HTC's new J Butterfly smartphone has an incredible 5-inch, full-HD screen that beats the pants off Apple's Retina Display and Samsung's Galaxy Note II.
The HTC J Butterfly is perhaps the Taiwanese company's most gorgeous smartphone yet. The new device, announced Wednesday, has a display that measures 5 inches across the diagonal and packs an eye-popping 1920 x 1080 pixels, making it a full HD display with 440 pixels per inch.
This puts the J on an entirely new playing field with respect to competing devices.
Apple's iPhone 5, for example, has a 4-inch display with 1136 x 640 pixels. That equates to 326 pixels per inch. Apple calls this high-density screen a Retina Display, which it uses for its marketing materials. There's no doubt the Retina Displays look great. But the J beats it. By a lot.
The J also beats Samsung's Galaxy Note II by a wide margin. The Note II's 5.5-inch display has 1280 x 720 pixels, giving it a pixel density of just 267 pixels per inch.
The J's full HD display has 2.07 million pixels, compared to the iPhone 5's 0.72 million pixels and the Galaxy Note II's 0.92 million pixels. Wow. Toss in the 16:9 aspect ratio, and you have a device that can devour full HD content on the go.
All right, I'll stop gushing over the display. Moving on.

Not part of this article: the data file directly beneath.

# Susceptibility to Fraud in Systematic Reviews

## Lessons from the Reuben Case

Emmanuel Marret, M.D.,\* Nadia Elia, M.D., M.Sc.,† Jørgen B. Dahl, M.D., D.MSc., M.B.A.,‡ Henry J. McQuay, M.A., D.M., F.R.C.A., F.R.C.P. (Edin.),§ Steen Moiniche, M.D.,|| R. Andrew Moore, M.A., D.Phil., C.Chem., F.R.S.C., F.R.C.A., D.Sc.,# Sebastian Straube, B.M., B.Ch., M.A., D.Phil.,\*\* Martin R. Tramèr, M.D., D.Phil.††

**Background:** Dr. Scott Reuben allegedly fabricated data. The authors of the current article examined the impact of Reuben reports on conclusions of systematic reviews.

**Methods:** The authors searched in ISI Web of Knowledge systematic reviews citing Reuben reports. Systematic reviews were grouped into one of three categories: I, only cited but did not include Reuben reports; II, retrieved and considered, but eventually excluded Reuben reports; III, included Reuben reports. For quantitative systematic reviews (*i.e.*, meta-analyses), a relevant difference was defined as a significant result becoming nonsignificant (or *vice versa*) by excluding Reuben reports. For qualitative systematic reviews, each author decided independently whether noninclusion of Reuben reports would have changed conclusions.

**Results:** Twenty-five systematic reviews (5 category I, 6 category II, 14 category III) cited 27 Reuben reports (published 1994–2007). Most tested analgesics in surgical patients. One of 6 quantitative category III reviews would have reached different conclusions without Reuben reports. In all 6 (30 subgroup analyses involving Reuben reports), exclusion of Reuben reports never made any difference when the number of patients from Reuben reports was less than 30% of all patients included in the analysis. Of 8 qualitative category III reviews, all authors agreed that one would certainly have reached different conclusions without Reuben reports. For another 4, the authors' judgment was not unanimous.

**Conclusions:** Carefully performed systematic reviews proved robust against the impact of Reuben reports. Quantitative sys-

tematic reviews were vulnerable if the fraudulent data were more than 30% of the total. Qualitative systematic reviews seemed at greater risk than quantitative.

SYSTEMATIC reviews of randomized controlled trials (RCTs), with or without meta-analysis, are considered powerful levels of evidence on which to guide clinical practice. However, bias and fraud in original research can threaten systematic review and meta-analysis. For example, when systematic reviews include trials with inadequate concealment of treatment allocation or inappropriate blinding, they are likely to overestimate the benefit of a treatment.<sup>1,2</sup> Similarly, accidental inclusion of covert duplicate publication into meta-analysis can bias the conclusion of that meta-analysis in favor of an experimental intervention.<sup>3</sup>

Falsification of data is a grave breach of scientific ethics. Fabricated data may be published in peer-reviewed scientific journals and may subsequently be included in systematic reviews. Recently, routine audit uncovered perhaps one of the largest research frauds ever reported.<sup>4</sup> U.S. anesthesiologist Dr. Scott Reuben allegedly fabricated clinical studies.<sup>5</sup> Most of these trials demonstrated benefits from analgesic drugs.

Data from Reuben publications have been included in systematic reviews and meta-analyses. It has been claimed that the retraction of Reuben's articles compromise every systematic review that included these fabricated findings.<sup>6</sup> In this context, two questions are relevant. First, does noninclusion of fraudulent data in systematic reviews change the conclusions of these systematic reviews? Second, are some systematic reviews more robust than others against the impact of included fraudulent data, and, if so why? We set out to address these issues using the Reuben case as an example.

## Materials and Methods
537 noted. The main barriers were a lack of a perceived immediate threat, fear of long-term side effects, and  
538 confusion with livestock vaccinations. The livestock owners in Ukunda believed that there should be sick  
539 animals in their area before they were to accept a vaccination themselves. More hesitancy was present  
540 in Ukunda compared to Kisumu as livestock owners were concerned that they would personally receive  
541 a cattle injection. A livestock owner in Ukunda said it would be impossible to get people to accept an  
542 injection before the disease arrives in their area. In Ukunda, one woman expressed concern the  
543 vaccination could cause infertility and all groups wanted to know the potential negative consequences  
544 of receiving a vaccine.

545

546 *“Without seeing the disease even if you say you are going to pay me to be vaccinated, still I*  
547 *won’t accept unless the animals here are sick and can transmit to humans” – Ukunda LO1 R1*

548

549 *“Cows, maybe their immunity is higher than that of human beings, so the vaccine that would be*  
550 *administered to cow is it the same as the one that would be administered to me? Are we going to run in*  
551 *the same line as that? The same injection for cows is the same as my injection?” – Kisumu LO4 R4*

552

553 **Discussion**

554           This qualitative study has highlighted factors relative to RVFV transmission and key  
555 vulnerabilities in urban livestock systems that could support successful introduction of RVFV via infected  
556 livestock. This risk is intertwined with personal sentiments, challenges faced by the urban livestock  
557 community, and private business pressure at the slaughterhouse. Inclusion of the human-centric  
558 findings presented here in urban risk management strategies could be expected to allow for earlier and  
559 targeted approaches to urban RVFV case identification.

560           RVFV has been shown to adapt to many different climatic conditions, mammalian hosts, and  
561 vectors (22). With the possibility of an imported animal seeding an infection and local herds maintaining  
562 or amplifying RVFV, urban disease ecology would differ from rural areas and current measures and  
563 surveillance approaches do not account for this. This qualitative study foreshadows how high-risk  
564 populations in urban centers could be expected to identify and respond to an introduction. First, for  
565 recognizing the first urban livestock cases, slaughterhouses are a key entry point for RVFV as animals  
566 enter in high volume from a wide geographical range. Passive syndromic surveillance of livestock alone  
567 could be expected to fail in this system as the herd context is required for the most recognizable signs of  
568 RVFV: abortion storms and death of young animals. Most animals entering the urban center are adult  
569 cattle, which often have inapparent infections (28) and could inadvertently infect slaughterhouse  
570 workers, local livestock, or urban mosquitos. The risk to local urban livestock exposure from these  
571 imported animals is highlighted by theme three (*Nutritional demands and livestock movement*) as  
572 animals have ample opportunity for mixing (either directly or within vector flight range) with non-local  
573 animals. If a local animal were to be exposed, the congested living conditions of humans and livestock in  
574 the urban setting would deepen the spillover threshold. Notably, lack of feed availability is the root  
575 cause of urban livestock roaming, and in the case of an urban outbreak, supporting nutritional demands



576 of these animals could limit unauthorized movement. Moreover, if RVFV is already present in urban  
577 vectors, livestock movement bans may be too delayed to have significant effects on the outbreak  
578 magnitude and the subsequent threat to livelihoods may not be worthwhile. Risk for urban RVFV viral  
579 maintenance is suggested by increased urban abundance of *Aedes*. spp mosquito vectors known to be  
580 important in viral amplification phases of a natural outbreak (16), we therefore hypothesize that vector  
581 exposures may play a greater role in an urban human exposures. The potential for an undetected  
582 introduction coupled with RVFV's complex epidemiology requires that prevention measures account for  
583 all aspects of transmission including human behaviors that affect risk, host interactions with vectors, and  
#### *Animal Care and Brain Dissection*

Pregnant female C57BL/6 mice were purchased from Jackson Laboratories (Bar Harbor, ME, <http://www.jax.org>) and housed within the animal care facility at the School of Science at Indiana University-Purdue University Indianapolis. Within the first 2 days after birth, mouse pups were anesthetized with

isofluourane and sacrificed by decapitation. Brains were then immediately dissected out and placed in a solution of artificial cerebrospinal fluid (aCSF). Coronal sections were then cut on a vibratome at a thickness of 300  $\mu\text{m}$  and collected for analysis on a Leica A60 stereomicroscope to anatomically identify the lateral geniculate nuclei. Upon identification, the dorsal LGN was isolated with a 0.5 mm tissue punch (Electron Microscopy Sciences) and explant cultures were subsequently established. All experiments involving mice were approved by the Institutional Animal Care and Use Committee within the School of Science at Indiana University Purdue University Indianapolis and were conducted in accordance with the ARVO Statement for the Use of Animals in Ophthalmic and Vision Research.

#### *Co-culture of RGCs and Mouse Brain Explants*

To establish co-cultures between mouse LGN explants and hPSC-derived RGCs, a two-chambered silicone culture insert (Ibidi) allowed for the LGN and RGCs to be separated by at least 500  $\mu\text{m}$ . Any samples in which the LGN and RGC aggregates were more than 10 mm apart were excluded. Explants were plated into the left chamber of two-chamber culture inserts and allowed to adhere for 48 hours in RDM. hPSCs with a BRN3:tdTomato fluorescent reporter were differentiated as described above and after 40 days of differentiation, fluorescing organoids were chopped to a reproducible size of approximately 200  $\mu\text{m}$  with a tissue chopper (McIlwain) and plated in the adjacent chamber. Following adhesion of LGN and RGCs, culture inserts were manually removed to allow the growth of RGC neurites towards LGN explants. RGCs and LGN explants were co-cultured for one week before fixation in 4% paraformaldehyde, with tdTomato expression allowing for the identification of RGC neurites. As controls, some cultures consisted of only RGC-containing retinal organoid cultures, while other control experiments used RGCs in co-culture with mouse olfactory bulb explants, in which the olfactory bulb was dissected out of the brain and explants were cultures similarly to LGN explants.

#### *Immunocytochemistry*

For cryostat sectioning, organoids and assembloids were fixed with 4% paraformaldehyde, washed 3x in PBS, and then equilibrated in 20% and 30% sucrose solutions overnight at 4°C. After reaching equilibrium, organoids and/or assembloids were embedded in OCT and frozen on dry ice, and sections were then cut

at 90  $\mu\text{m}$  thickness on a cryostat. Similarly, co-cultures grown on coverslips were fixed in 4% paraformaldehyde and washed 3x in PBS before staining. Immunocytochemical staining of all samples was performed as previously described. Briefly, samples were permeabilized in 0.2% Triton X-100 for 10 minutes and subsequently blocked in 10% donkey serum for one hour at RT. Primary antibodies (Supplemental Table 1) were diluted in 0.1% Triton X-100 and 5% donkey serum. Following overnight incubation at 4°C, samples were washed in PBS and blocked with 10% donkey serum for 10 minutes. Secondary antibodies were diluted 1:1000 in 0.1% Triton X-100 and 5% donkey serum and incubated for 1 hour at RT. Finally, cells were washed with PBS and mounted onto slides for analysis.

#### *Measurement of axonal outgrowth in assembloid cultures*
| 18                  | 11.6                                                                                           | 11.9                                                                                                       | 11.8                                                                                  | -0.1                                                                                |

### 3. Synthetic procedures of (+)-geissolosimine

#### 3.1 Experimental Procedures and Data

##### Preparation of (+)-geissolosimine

The J Butterfly is powered by Qualcomm's Krait chip. That means four cores of Snapdragon processors at 1.5 GHz each with 2 GB of RAM. With so many pixels to push, the J needs this monster engine under the hood.
Other specs include NFC, LTE 4G, and an 8-megapixel camera. It ships with Android 4.1 Jelly Bean, HTC's Sense 4+ user interface, and a bold design.
The bad news, however, is that this device is an exclusive for KDDI in Japan (hence the "J" moniker). The J will reach KDDI in December. HTC hasn't indicated if or when a variant of the device might be made available to other markets around the world. Given HTC's weak performance of late, the more markets it can sell the Butterfly in, the better. It has all the hallmark features an iPhone and Galaxy Note II killer needs.
As long as HTC gets the software performance finely tuned, the Butterfly could be the phablet of the future.
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